According to YES Director Jeeva Abbate, the construction of the pipeline has far too few benefits and an insurmountable amount of drawbacks and potential dangers. The only two potential benefits that the pipeline offer are: 1) an increased availability and decreased price of natural gas, and 2) a maintained neutral economic relationship to the utility companies pouring money into the ACP’s development. Yet, the first pro is nullified considering that natural gas from the pipeline will not even serve the communities it runs through. In other words, Yogaville, and Buckingham County at large, will not reap any energy benefit from the pipeline. Therefore the pipeline offers negligible benefits to those who will have to endure its overwhelming negative impacts. Drawbacks of the pipeline include the exploitation of local populations, aquifer contamination, land degradation from potential erosion, explosions, spills, and landslides.
Thus, it was clear to YES that they must mount opposition to the ACP, for the protection of the Ashram itself, but also for the surrounding peoples in accordance to their values of peace, love, and justice. Yogaville supports and engages in much advocacy work to oppose the ACP, which has ultimately led to an unprecedented one-year delay in ACP construction while its potential effects are studied in greater detail.
Beyond the Pipeline
YES realizes that it is not enough to say “no” to a natural gas pipeline, and ultimately fossil fuels as a whole — a solution must also be presented to the problem. As Jeeva put it, “If we say ‘no’ to fossil fuels, what then can we say ‘yes’ to?” The answer is clear: renewable energy production and increased sustainable practices.
YES presents a three-fold plan to self-sustaining energy consumption: use less, use efficiently, and renewable energy sources. To use less, the YES Green Team made a simple checklist for key energy saving actions, like closing doors, turning lights off, etc. To use energy efficiently, Yogaville got an energy audit in 2016. Based on the audit, the Ashram could determine key areas of energy loss, efficiency improvement, and behavioral change. Yogaville has since made significant energy efficiency upgrades to its most energy-intensive buildings and set up energy savings goals to continue to motivate improvement. In terms of the last point, using renewable energy, YES been rapidly engaging in solar development.
For going solar, YES’s plan has been to start small. At the end of 2017, Yogaville implemented their pilot solar system — a 65kW array that covers half of the energy needed by their most energy-intensive building. This building, Sivananda Hall, uses ~2400 kWh a year, imposing an energy cost of ~$20,000 per year. The array, offsets, on average, just under 50% of the energy cost of the building. YES expects that this relatively small project will allow Yogaville to see how effective solar can be and encourage implementation growth. Jeeva predicts that, based on the pilot project’s performance, there should be little opposition to getting the whole roof of the Sivananda Hall covered in solar panels in order to offset 100% of the building’s energy use. Thus, by starting small, the community will be willing to continue renewable project growth. Jeeva stresses the financial benefits of going solar: their solar project is already saving the Ashram considerable amounts of money, and the savings will undoubtedly increase with increased solar implementation and energy efficiency upgrades.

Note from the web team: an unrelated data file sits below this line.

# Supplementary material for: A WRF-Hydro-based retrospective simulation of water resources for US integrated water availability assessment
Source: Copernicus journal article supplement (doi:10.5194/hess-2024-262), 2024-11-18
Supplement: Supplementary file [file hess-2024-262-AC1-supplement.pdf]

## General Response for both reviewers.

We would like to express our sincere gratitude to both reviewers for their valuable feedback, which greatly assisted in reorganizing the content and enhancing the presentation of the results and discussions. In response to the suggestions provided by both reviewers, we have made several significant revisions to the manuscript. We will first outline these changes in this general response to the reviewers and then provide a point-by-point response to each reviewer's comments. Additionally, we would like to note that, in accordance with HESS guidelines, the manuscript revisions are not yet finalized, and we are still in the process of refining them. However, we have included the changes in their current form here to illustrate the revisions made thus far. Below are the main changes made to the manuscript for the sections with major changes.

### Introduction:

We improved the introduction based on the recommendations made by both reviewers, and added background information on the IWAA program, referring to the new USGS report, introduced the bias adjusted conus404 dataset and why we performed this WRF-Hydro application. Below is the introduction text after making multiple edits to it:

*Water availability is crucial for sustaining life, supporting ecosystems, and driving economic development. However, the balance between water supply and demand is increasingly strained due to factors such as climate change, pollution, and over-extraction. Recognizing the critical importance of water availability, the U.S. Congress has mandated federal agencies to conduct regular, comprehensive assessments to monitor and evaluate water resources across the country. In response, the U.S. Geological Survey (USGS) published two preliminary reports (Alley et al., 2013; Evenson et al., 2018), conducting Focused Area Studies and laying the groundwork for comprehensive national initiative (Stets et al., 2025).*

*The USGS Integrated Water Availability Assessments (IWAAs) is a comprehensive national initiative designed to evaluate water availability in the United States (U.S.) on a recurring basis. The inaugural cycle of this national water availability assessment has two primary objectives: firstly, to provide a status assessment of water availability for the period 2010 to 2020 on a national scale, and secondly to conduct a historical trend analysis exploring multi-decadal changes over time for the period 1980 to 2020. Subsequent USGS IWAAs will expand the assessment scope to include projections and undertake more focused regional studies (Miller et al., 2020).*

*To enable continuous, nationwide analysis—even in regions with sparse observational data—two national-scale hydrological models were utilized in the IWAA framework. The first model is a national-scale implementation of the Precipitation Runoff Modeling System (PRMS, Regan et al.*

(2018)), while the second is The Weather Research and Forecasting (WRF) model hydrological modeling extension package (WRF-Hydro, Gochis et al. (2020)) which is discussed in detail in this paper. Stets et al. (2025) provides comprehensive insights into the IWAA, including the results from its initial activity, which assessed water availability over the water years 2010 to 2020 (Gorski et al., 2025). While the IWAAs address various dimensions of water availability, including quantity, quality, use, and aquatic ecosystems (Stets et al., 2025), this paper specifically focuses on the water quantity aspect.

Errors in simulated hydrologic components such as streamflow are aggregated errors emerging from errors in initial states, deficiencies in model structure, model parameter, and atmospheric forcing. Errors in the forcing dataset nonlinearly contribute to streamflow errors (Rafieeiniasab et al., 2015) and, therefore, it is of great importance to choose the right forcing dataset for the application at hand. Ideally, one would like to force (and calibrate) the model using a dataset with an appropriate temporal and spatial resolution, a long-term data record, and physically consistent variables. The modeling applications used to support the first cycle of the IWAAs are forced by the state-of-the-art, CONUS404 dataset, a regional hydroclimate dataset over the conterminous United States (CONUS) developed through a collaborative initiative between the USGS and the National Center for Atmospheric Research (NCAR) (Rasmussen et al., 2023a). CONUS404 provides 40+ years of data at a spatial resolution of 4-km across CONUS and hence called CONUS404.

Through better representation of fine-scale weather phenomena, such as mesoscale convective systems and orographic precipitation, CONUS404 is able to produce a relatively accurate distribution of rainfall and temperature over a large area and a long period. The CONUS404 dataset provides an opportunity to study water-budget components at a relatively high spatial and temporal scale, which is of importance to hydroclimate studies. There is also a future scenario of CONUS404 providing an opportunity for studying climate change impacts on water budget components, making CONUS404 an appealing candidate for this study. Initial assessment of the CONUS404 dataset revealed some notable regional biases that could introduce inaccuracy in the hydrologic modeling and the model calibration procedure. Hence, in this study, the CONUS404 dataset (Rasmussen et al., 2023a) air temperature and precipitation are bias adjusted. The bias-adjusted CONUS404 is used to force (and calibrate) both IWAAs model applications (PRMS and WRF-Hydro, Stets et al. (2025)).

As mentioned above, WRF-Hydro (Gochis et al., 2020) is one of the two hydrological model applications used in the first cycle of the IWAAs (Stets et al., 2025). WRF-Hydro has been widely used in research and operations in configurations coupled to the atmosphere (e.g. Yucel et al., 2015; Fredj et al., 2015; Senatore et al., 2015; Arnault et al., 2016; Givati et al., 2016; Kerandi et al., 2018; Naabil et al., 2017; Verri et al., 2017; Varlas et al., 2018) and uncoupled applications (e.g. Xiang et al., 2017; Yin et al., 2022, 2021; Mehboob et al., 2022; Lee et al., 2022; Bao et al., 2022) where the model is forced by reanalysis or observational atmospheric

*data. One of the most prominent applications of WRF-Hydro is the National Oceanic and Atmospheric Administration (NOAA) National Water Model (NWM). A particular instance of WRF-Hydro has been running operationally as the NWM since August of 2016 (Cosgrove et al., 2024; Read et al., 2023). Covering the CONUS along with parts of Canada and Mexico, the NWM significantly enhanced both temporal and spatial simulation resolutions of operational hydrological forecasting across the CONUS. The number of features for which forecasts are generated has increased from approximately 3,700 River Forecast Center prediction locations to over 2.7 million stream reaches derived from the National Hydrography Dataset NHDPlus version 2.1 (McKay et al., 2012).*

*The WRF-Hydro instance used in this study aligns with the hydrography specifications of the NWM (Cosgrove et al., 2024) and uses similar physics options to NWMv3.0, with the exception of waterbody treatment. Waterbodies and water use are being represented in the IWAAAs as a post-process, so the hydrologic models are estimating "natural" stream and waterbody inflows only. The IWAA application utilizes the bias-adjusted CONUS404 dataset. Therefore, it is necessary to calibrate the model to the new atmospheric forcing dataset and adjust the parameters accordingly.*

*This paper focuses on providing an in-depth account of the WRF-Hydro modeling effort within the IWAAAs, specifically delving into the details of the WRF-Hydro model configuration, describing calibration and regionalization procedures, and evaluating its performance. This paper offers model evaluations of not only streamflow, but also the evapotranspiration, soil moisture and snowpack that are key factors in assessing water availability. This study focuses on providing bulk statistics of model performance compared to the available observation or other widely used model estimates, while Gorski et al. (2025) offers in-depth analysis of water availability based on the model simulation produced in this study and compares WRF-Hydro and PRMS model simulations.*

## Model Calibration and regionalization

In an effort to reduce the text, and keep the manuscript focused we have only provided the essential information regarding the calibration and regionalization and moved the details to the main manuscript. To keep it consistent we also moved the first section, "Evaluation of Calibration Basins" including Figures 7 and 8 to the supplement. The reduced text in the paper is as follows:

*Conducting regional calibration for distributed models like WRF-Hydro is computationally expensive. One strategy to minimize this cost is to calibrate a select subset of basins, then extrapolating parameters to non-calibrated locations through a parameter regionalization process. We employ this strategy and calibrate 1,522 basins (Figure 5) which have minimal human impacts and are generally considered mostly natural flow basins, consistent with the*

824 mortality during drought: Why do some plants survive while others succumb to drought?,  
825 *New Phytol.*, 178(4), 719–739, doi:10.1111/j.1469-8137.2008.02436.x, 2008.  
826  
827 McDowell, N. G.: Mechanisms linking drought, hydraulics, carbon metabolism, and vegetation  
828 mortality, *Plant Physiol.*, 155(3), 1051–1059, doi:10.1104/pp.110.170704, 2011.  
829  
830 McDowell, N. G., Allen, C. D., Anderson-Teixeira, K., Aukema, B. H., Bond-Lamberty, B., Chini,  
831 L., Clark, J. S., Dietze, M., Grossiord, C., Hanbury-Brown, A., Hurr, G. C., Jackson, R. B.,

Westminster Presbyterian Church
Westminster Presbyterian Church is a Christian faith community serving the University of Virginia and the greater Charlottesville and Albemarle areas. Stewardship of Creation is a core value of the Westminster community. One of the many ways Westminster has taken steps to honor their commitment to Creation is by integrating renewable energy on their campus, including a 57-panel solar array on the roof of one of their buildings.
April 22, 2018 marked the first anniversary of Westminster’s solar array. The solar panels produced 9.84 MWh (megawatt-hours) of electricity in this past year—close to the average overall consumption of an American home. At the same time, the Westminster campus’s overall energy consumption dropped from 187 MWh to 175 MWh, which means that over 5% of its total energy comes from the solar array! In addition, the congregation was able to sell $677 worth of excess electricity back to utilities within this first year,offsetting an additional 5% of their annual electricity expense.
Slate roofing on most of Westminster’s buildings prevents the congregation from being able to implement more rooftop solar, but that has not stopped the church community’s green team from exploring more renewable energy sources. For example, the church has outsourced its utility bill to Arcadia Energy, who matches their electric usage with investment in wind energy credits. In this way, the church community also actively supports the growth of renewable energy in hopes of one day getting to 100% renewable!